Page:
Mr Grant said: “With the cost of living soaring even further in the wake of Brexit, the freeze on benefits – including child benefit – is pushing families into a desperate crisis.

“It’s a disgrace that so many children living on this island are growing up in poverty. When children are in poverty they are more likely to be absent from school due to illness, to have a long standing illness, and are nearly three times more likely to suffer mental health problems.”

© Michael Alexander
Janice Smith and Wilson Macduff of Fife Gingerbread

​As a charity dedicated to supporting lone parent, vulnerable and disadvantaged families in Fife, Fife Gingerbread is no stranger to speaking with people who are at crisis point – and those crises are often rooted in poverty.

One project is The Gateway – an early intervention partnership project originally funded by Big Lottery and now funded by Fife Council, providing family mentoring and family learning opportunities to families in Levenmouth with children between P5 and S2 .

Wilson Macduff, 52, family learning coordinator, said: “From a learning point of view, the greatest challenge for families that are struggling and faced with poverty is access to opportunities, and that’s often compounded by their sense of isolation and their inability to reach out  to the wider community and basically pay for things for their children to participate in learning or socialise activities.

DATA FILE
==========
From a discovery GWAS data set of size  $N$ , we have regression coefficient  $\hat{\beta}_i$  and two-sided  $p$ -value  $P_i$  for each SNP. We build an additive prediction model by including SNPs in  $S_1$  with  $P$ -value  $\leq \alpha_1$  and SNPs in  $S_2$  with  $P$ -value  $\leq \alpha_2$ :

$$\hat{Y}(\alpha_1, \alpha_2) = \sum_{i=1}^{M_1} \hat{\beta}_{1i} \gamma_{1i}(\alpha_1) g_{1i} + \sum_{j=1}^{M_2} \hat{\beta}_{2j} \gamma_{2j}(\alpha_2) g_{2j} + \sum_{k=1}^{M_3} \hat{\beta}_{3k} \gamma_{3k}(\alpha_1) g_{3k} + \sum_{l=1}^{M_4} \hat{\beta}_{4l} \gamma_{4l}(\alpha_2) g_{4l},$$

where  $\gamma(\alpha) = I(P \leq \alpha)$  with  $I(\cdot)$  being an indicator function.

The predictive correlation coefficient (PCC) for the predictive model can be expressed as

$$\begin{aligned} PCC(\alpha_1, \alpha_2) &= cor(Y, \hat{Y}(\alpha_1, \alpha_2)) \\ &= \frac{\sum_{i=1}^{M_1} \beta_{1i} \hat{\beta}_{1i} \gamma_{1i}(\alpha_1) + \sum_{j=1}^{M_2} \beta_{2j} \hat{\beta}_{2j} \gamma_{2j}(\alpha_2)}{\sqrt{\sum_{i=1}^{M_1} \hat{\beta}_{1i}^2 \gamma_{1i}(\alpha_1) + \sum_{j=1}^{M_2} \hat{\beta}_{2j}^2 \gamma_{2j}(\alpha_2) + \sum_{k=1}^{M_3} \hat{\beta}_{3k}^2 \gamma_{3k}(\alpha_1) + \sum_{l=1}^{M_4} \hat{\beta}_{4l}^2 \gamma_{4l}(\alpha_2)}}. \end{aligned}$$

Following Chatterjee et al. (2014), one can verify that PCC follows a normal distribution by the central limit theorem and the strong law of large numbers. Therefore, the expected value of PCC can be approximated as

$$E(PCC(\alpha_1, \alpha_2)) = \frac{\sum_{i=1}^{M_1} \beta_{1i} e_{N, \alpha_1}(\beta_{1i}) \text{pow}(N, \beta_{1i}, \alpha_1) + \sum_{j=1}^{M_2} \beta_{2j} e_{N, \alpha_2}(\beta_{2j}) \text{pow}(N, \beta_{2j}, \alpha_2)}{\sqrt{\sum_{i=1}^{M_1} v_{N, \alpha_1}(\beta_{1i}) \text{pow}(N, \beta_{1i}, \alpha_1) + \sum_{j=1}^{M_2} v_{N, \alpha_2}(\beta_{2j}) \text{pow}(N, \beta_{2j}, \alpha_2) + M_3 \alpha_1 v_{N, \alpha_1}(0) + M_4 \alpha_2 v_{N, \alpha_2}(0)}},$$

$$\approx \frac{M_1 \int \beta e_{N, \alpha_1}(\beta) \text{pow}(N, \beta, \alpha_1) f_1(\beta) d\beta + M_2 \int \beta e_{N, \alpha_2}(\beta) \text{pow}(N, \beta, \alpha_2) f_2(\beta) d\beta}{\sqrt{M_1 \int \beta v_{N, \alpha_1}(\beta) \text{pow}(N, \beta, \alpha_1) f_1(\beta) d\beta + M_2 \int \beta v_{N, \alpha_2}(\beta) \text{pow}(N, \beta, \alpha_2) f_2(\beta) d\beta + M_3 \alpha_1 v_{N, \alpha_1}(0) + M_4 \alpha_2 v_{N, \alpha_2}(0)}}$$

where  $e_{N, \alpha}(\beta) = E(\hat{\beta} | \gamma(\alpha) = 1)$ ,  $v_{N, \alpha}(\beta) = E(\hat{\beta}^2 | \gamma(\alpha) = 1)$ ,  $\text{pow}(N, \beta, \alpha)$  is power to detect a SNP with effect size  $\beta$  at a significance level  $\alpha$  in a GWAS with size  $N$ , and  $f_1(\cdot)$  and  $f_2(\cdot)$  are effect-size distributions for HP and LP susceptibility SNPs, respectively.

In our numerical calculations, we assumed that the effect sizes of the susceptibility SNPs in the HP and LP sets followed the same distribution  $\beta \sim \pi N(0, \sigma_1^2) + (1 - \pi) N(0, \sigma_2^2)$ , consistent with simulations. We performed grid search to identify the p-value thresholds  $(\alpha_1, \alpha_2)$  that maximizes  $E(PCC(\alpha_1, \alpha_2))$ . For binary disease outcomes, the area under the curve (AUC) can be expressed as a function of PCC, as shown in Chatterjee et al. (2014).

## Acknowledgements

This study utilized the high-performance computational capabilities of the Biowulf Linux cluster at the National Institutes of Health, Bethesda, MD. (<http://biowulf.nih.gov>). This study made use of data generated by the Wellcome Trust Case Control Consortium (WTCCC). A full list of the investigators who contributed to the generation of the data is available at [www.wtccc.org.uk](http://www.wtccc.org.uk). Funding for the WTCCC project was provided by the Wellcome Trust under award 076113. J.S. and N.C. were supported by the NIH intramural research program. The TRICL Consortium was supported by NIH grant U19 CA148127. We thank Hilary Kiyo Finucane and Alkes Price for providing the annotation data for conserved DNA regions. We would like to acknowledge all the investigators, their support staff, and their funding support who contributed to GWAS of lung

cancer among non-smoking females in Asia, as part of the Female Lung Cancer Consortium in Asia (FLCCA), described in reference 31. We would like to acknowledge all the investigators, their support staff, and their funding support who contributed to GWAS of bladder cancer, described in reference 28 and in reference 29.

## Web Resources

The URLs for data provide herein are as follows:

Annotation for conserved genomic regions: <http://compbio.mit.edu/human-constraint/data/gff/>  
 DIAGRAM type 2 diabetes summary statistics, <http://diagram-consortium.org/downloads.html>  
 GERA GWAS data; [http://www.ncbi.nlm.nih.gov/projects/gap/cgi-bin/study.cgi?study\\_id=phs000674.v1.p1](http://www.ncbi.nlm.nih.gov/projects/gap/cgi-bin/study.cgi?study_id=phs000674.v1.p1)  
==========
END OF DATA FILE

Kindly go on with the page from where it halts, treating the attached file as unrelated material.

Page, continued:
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The Making It Work project helped Fife Gingerbread win a Scottish Charity Award in 2016

“So a lot of what I do in family learning is making opportunities for families to come together as accessible as possible, so there’s never any costs in what we do.

“There’s always access to food, and as far as possible there’s access to child care as much as we can make that available, and transport as well.

“Going into that whole process of engaging families has to be built around those assumptions that families we work with don’t really have a fund they can rely on to access those opportunities.

“All it does is compound their isolation and the challenges that they face finding time in a supportive environment.

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Rhona Cunningham, chief executive of Fife Gingerbread

“So family learning is pretty much predicated on those ideas that when we can establish that access is available to families, their opportunities to learn and have time together is increased.

“It doesn’t really tackle poverty per se. But it does acknowledge they are suffering in that way and we need to still be quite mindful of it.”

Janice Smith, family mentor, said some of the clubs they organise are specifically food oriented.

For example, in the school holidays, there’s a once a week lunchtime club which again is an opportunity for families to come, have activities that are free and there’s a lunch made for them.

Basic skills such as how to prepare vegetables can be invaluable if you are on a tight budget

She said: “We have corporate support with that – Kettle Produce give us veg packs that families can take home. The Old Manor Hotel makes us big pots of soup and Sainsbury’s give us the bread.

“We’ll also do things like cooking on a budget and looking at food nutrition and the skills of making a pot of soup or making your budget stretch. We also do a bit of food hygiene for parents – a wee boost that can lead to employability and way out of poverty.